Your doctor measures how many of these cells you have by sending some of your blood to a lab to do a complete blood count, or CBC. Your white blood cell count is one of the numbers you get back from this test. It may point toward or confirm a diagnosis, or show whether a treatment is working or not.
Most often, a low white blood cell count is nothing to worry about.
What Is "Low"?
How many white blood cells (WBCs) someone has varies, but the normal range is usually between 4,000 and 11,000 per microliter of blood.
A blood test that shows a WBC count of less than 4,000 per microliter (some labs say less than 4,500) could mean your body may not be able to fight infection the way it should. A low number is sometimes called leukopenia.
Your doctor will do a physical exam and consider symptoms that you have along with your past medical issues to figure out what's behind your result.
Bone marrow problems: The spongy center of your bones, which is called the bone marrow, makes blood cells. Low WBC counts are often linked to bone marrow problems. Being around certain chemicals, like benzene and pesticides, as well as some types of cancer and cancer treatments including chemotherapy and radiation, can hurt your bone marrow's ability to make WBCs.
Infection: Viruses can affect your bone marrow and cause low WBCs for a while. Severe infections, like blood infections, can lead to your body using up WBCs faster than it can make them. HIV https://www.webmd.com/hiv-aids/understanding-aids-hiv-symptoms kills a specific kind of white blood cell.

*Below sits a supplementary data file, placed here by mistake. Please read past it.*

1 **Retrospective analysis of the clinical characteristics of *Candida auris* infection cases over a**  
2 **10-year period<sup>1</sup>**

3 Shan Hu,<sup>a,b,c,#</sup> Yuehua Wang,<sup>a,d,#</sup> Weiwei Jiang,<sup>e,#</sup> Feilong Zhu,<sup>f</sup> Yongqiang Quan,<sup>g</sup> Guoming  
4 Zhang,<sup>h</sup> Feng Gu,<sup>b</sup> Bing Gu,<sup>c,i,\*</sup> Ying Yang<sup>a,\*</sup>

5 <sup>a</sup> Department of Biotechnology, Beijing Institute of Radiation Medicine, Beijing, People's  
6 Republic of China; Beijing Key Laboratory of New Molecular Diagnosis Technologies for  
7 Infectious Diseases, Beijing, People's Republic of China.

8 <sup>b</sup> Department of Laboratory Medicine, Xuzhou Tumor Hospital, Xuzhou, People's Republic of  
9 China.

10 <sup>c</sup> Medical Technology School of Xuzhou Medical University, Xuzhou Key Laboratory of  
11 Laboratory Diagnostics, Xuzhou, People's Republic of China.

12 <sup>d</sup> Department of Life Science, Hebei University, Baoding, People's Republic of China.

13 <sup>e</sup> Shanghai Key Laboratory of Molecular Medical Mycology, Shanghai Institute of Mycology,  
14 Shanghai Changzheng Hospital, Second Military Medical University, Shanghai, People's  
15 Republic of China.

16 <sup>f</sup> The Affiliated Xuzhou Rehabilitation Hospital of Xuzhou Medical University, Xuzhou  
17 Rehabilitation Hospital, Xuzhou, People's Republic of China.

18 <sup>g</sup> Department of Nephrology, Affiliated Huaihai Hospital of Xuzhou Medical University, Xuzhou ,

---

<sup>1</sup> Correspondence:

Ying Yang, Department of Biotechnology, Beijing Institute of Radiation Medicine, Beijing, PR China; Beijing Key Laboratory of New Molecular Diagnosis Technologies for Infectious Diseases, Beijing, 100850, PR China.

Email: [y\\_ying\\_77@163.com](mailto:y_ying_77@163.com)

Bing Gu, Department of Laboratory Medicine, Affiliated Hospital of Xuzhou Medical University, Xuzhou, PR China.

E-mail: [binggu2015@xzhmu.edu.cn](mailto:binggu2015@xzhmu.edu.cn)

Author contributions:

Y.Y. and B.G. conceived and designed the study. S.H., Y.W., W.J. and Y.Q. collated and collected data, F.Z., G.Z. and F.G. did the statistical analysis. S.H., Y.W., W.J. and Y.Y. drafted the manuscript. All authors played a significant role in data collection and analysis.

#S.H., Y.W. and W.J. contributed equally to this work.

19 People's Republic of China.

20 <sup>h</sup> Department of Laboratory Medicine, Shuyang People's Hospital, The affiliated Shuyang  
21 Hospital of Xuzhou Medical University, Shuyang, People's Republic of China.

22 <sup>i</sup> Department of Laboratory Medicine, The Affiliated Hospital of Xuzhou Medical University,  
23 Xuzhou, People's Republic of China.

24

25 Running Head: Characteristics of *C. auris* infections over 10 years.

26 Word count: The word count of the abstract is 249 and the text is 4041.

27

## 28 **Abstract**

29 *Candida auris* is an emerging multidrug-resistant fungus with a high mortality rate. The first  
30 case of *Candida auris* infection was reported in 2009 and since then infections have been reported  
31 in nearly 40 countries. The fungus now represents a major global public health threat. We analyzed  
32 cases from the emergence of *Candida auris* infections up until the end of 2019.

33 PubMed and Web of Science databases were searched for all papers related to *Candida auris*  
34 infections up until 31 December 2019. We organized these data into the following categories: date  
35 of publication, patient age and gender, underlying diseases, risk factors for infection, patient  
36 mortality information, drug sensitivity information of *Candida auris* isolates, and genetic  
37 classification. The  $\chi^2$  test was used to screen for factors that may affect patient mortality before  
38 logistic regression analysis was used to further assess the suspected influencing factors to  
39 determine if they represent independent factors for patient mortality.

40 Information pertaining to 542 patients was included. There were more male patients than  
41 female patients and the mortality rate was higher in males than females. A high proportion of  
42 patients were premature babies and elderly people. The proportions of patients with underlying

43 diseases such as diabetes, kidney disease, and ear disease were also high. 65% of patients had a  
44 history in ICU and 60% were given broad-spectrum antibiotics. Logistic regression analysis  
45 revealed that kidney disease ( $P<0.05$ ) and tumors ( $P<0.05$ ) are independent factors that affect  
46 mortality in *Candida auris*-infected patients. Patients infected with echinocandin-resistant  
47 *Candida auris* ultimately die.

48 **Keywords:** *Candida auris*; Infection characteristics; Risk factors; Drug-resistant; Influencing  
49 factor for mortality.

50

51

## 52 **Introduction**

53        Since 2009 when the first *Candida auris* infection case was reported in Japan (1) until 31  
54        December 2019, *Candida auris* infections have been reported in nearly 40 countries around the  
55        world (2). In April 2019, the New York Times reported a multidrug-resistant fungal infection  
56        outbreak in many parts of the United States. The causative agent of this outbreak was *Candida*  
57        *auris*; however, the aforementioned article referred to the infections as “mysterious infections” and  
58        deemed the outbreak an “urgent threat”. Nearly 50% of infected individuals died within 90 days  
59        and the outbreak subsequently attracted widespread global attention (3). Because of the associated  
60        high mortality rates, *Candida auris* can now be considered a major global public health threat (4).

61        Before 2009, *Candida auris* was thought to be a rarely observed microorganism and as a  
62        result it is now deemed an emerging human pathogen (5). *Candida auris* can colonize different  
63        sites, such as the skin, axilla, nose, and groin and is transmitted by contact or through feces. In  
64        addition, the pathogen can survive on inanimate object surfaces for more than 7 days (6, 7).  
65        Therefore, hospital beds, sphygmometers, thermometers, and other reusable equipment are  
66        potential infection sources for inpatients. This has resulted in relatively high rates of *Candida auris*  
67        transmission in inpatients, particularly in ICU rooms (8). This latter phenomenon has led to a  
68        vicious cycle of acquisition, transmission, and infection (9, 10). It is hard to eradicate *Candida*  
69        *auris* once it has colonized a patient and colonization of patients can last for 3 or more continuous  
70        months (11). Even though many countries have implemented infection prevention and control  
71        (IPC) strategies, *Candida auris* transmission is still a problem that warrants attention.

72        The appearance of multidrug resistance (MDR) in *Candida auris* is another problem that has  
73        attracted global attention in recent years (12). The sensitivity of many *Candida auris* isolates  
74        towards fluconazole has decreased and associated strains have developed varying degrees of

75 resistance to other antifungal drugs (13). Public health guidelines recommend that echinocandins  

Nutrition: Not eating well or low levels of certain vitamins, such as folic acid and B12, can affect how your body makes WBCs. Alcohol abuse can mess with the nutrients in your body and with WBC counts, too.
If there's no clear reason for a low white blood cell count, your doctor will probably want to do the test again, or do a differential or "diff" along with the CBC.
This other test gives a lot more detail. There are normal ranges for each of the five kinds of WBCs, and some problems only affect one type. The results of a diff could help your doctor narrow down what's going on.
Many times, a repeated test will show that your WBC count is normal.
Your doctor may want to do more tests, based on the symptoms you have. For instance, you might get checked for strep throat or mono. Other blood tests can look for a viral infection, inflammation, or allergies. The doctor may want to take a sample of your bone marrow to see if it's healthy.
What Happens Next?
When your WBC count is very low, you may need to take steps to avoid an infection.
Your doctor may ask you to see a hematologist. This is a specialist who has extra training for diagnosing and treating blood count problems.
If your WBC count stays low or keeps getting lower, work with your doctor to find out why it's happening. The right treatment should help your white blood cell count return to normal.